Professors offer six ways to tease the truth out of stats
Betsey Stevenson and Justin Wolfers, a pair of professors in the public policy and economics departments at the University of Michigan, weren’t addressing sports when they wrote Six Ways to Separate Lies From Statistics for Bloomberg.com last week.
But you may have noticed that sports and statistics aren’t exactly strangers. Sportswriters can learn a lot from the piece.
The news hook for Stevenson and Wolfers was a study that found major errors in a 2010 Harvard study that purported to show a correlation between high national debt and slow growth. The Harvard study has been widely used to support austerity measures.
Sportswriters rarely deal with issues as momentous as whether a government should enact austerity measures in an attempt to get a slow economy moving.
I’m kidding, of course. Sports is way more important than that stuff.
And with the influence of the sabermetric movement in baseball and its spread to other sports, we increasingly see arguments that arise from complex data. Anyone who made it through the third grade ought to be comfortable comparing yards-per-carry, points-per-game or batting averages, but what’s a liberal arts major to do when presented a thesis that grew out of sophisticated number crunching?
Stevens and Wofers address this, and it’s as if they were talking about old-school sportswriters who dismiss statistical analysis by saying the statheads should get their heads out of a spreadsheet—located, no doubt, in mom’s basement—and watch a game:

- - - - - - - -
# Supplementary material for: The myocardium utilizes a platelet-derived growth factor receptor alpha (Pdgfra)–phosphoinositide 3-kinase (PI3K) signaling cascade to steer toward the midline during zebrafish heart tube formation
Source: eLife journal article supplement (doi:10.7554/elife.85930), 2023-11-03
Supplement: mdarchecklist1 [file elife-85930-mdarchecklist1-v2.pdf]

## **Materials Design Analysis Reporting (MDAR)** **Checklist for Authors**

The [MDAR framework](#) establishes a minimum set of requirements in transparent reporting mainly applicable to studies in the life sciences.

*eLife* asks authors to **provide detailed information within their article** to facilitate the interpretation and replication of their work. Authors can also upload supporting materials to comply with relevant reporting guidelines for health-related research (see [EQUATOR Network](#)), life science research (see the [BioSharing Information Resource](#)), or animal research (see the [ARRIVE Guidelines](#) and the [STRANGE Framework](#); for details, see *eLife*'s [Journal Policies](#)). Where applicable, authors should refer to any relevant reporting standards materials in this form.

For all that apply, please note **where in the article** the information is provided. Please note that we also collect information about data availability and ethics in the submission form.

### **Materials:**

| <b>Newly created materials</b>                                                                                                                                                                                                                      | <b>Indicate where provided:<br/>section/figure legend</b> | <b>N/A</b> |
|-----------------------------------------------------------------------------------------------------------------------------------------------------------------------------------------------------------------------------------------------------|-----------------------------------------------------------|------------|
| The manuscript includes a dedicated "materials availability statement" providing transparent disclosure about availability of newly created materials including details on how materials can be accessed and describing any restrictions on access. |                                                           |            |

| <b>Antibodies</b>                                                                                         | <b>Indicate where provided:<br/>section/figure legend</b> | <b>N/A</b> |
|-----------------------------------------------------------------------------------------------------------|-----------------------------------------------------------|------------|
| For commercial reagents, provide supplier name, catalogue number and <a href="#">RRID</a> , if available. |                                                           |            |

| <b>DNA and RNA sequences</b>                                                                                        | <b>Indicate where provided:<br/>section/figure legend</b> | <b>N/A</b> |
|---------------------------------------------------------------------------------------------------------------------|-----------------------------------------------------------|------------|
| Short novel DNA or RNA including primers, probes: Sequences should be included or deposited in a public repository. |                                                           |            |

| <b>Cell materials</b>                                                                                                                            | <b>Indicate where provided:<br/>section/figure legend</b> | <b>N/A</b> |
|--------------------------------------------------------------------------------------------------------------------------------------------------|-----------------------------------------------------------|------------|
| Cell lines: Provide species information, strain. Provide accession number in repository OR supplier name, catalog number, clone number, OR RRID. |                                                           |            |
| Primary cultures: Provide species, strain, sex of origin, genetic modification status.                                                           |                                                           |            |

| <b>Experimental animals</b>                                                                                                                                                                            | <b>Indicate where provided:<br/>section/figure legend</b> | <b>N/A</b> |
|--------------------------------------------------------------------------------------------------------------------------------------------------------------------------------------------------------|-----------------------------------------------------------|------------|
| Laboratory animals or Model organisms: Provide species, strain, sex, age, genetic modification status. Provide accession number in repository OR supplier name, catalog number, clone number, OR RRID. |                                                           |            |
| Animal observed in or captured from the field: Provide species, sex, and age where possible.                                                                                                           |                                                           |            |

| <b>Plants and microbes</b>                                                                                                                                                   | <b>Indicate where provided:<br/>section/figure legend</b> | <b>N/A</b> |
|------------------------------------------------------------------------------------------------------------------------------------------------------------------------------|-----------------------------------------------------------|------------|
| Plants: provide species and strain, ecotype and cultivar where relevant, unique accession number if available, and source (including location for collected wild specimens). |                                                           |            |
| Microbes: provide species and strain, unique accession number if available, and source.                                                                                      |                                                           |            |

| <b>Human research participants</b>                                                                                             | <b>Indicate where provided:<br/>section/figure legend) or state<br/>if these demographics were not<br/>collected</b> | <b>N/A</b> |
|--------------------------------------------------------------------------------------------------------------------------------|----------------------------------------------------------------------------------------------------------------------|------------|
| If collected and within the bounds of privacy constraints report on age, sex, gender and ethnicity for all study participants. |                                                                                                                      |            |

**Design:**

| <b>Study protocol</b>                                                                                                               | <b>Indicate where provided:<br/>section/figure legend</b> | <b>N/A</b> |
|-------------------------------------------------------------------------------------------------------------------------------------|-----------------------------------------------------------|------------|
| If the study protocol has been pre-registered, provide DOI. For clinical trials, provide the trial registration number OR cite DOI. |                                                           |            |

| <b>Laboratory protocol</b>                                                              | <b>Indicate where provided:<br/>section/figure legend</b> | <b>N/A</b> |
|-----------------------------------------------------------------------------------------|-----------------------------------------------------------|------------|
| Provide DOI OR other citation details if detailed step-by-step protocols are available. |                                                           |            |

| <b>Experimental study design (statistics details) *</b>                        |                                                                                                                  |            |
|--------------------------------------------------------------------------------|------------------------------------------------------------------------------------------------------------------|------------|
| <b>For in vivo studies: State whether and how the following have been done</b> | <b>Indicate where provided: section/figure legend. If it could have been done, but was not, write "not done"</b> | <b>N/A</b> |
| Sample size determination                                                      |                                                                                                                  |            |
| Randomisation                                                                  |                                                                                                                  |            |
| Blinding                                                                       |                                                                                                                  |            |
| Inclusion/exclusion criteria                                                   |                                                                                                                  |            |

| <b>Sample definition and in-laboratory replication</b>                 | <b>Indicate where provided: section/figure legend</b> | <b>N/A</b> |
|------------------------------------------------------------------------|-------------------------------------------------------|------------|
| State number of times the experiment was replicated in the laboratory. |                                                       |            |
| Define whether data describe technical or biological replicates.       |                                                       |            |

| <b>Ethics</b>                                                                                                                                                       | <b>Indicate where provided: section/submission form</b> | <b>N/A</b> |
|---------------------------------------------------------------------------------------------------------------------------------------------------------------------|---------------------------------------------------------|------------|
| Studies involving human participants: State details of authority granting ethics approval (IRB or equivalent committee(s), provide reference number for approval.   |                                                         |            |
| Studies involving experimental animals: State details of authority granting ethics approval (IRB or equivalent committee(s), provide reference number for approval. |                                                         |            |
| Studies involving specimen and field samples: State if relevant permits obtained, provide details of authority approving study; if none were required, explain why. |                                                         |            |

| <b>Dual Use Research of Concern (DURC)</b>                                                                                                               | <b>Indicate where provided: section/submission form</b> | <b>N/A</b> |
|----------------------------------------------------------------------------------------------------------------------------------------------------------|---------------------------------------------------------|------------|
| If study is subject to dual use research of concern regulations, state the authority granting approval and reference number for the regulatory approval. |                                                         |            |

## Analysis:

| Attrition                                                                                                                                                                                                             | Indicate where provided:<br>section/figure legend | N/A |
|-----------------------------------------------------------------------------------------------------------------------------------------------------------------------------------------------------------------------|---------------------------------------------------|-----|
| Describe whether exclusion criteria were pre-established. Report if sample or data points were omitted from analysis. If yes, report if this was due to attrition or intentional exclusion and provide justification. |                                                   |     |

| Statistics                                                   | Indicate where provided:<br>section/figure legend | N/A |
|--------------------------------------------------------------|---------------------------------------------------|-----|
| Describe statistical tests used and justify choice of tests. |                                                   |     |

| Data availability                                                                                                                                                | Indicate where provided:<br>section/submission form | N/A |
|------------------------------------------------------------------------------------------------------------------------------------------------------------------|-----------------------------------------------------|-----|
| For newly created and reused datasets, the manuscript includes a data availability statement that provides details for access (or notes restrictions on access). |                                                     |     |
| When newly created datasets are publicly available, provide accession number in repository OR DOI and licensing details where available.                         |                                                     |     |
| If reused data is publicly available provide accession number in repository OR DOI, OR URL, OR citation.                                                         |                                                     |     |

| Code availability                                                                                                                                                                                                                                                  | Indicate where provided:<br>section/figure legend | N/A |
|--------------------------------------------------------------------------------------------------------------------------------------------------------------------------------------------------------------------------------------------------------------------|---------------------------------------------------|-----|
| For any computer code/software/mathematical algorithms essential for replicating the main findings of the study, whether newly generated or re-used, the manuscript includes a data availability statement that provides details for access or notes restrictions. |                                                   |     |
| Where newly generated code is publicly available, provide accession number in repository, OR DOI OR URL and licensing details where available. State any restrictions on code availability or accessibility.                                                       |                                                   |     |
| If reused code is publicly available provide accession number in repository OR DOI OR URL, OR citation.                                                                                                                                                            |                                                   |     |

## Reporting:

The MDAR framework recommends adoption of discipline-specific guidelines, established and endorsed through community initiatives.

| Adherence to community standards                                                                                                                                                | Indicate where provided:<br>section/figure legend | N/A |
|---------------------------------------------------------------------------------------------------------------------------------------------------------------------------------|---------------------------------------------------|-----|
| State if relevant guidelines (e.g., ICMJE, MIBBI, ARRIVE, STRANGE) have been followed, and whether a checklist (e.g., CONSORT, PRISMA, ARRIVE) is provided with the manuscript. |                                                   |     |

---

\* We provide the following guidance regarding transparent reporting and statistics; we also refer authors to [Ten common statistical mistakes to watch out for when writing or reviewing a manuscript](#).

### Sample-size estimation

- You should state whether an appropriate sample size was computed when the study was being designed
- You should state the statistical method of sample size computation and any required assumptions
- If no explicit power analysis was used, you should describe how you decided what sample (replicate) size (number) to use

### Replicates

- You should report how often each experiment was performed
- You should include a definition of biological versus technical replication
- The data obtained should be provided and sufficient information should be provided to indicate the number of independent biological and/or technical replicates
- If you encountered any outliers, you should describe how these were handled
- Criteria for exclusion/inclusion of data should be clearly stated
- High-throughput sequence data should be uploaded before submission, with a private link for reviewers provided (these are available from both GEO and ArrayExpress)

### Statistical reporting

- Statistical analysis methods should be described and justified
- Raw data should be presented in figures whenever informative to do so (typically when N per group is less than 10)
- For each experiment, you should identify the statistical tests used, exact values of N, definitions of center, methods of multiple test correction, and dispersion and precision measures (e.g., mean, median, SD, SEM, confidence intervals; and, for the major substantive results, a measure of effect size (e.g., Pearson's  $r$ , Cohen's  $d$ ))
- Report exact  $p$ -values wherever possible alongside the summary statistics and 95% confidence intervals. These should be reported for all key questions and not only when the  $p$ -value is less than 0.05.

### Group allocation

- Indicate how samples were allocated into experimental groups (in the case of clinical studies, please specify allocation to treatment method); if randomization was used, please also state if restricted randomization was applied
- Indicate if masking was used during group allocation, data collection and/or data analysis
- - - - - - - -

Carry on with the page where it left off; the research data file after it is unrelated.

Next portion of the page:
Given the complexity, it’s understandable that people might fall for the old aphorism that “liars figure and figures lie,” that you can say anything with statistics. But this is silly. You can say anything in English, too. Indeed, our nation’s opinion pages are filled with slanted nonsense written entirely in English.
Sports pages too.
Here, in brief, are their six rules separating “the useful research from the dross.” You should read the piece for the full explanations:
- Focus on how robust a finding is, meaning that different ways of looking at the evidence point to the same conclusion.
- Don’t confuse “statistically significant” with something actually mattering.
- Be wary of scholars using high-powered statistical techniques as a bludgeon to silence critics who are not specialists.
- Don’t fall into the trap of thinking about an empirical finding as “right” or “wrong.” At best, data provide an imperfect guide.
- Don’t mistake correlation for causation.
- Always ask “so what?”
I would put 5 and 6 at the top. I think mistaking correlation for causation is the single biggest mistake sportswriters make with stats. Think of the truism that football teams should “establish the run” because teams that outrush their opponents tend to win games. In fact, teams that are ahead in games tend to run a lot, so the truism is backwards: Winning causes an advantage in rushing yards, not vice-versa.
The question “so what” comes in very handy when amateur statisticians—many of whom work in the truck for TV broadcasters—start throwing numbers at you.
I’d add a related question: What’s the context? As David Grabiner pointed out in a blog post titled “The Sabermetric Manifesto”:
No statistic can be useful without proper context, a measure of opportunities. There were more crimes committed in New York than in Boston last year, but this doesn’t say much about the relative safety of the cities; to make such a comparison, you would need to compare crime rates.